MANILA - House Minority Leader Ronaldo Zamora on Monday called for more outspoken voices against President Benigno Aquino and his administration amid a plunge in Aquino's popularity ratings.
“We need critics, we need skeptics who can challenge government to recognize its own fallibility and espouse humility, critical citizenship is most important in critical times,” he said.
Zamora, in his "contra-SONA" (State of the Nation Address) or rebuttal to the President's SONA, also urged Aquino to stop pitching for the unconstitutional Disbursement Acceleration Program (DAP).
He urged the President to respect the Supreme Court's ruling on the DAP.
Zamora said Aquino should have instead said, "I may disagree with Supreme Court decision but I acknowledge the responsibility of justices who interpret . Having filed a motion for reconsideration, I will respect the final verdict."
"Regarding DAP, government should heed advice of another writer, former Budget Secretary Diokno, who said if you find yourself in a hole, stop digging. Don’t try to extricate yourself by digging a deeper hole,” he added.
Aquino has maintained that DAP was done in good faith.
The President also asked Congress to legislate a new definition of savings to legitimize DAP mechanisms in the national budget.
"Under DAP and associated budget circulars, the President may have disregarded specific provisions in GAA (General Appropriations Act). In effect, it treats GAA as President’s self-created all-purpose funds which the President and executive agencies can spend as they choose," Zamora said.
He added that the government should not take it against anyone that Aquino's impeachment is now being sought.
“The Constitution gives citizens only one legal option to sue the President; through an impeachment complaint... citizens can hold the President accountable and make him respond to charges," he said. "Let the truth come out every step of the way."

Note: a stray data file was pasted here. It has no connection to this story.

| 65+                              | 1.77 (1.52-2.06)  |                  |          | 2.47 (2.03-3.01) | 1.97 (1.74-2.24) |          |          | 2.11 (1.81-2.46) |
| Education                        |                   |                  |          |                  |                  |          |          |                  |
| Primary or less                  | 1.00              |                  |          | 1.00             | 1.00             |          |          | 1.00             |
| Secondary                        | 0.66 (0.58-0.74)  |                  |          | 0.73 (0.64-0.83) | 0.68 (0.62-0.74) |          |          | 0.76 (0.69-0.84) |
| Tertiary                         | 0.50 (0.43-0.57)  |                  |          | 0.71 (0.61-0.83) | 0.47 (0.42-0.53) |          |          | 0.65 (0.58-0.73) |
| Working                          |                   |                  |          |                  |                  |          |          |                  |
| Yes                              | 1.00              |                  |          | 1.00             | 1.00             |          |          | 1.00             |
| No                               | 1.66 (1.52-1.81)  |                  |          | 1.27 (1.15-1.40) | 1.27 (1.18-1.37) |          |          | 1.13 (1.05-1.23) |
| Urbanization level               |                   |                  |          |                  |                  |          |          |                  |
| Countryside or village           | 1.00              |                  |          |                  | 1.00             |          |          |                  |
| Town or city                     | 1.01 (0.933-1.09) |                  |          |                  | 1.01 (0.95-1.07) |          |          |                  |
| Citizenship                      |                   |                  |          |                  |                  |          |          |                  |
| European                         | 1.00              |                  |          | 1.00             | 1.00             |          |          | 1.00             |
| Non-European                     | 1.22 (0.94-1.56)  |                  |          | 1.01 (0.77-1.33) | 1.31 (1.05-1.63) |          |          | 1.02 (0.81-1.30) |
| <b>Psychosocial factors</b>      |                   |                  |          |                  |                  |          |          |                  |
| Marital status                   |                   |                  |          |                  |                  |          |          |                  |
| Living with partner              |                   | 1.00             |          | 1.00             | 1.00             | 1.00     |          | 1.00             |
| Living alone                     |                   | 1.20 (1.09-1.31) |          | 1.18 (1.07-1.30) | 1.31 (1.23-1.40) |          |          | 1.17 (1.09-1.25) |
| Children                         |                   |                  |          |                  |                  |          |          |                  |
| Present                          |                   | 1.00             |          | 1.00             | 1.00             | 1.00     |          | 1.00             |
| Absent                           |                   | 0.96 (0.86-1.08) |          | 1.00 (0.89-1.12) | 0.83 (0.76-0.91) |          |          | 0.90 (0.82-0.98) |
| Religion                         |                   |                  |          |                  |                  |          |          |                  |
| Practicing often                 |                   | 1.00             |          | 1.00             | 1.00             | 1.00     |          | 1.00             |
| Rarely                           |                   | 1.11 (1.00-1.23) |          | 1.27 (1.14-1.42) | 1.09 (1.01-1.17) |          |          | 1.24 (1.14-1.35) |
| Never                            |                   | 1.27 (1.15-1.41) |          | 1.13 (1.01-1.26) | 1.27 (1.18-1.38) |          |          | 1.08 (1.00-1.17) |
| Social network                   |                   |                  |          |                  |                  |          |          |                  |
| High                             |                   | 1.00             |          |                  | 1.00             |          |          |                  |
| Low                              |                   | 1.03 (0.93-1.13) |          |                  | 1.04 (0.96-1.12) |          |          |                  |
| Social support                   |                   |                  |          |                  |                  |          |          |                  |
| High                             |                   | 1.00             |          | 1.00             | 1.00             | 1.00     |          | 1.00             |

"About P150 billion represent total amount of public funds appropriated by Congress through a budget, but these were impounded and reallocated through the DAP. Good faith may not apply to these actions. Ignorance of the law cannot be claimed. They have an executive secretary, a chief legal counsel, a solicitor general, a justice secretary, and whole bunch of lawyers,” Zamora said.
He added Aquino and his administration only have themselves to blame. "They have only themselves to blame if citizens and their representatives want to exercise constitutional right to file an impeachment complaint. Not doing anything would send the message to plunderers and violators of Constitution that we don’t care."
Zamora said Aquino failed to mention other important items in his speech, like the Enhanced Defense Cooperation Agreement with the United States and a freedom of information law.
In his SONA, Aquino spent most of his 91-minute speech talking about the gains of the economy under his watch.
Zamora, however, belittled these achievements. He said growth has not been inclusive.
Citing national statistics, Zamora noted that poverty remains at a high level of 19.7%, a small improvement from 21% recorded by the National Statistical Coordination Board in 2006. "In 8 years we reduced poverty by a little more than 1%."
Zamora also said unemployment is 7.5%, with underemployment at 19.5% -- consistent with Social Weather Stations' survey data of 20.5% unemployment, or about 12 million people.
He underscored the need to generate more employment in industries and manufacturing, as well encourage more foreign direct investments (FDIs), as the Philippines has one of the lowest FDIs in the region.
Zamora said the government should fast-track efforts to rehabilitate areas destroyed by Yolanda, simplify government procurement, and waive cumbersome requirements.
He also wants government to mobilize, hire, and train medical and nursing graduates as public health workers.
Zamora also wants to encourage environmentally friendly mining . His own family has a mining company.
He also scored government’s Conditional Cash Transfer program that will grow to P75 billion in 2015—the year before the national elections.
“That provides temporary relief for families. That doesn’t provide what they need -- real jobs,” he said.
Zamora said the country also suffers from the high costs of power and an imminent power crisis looms.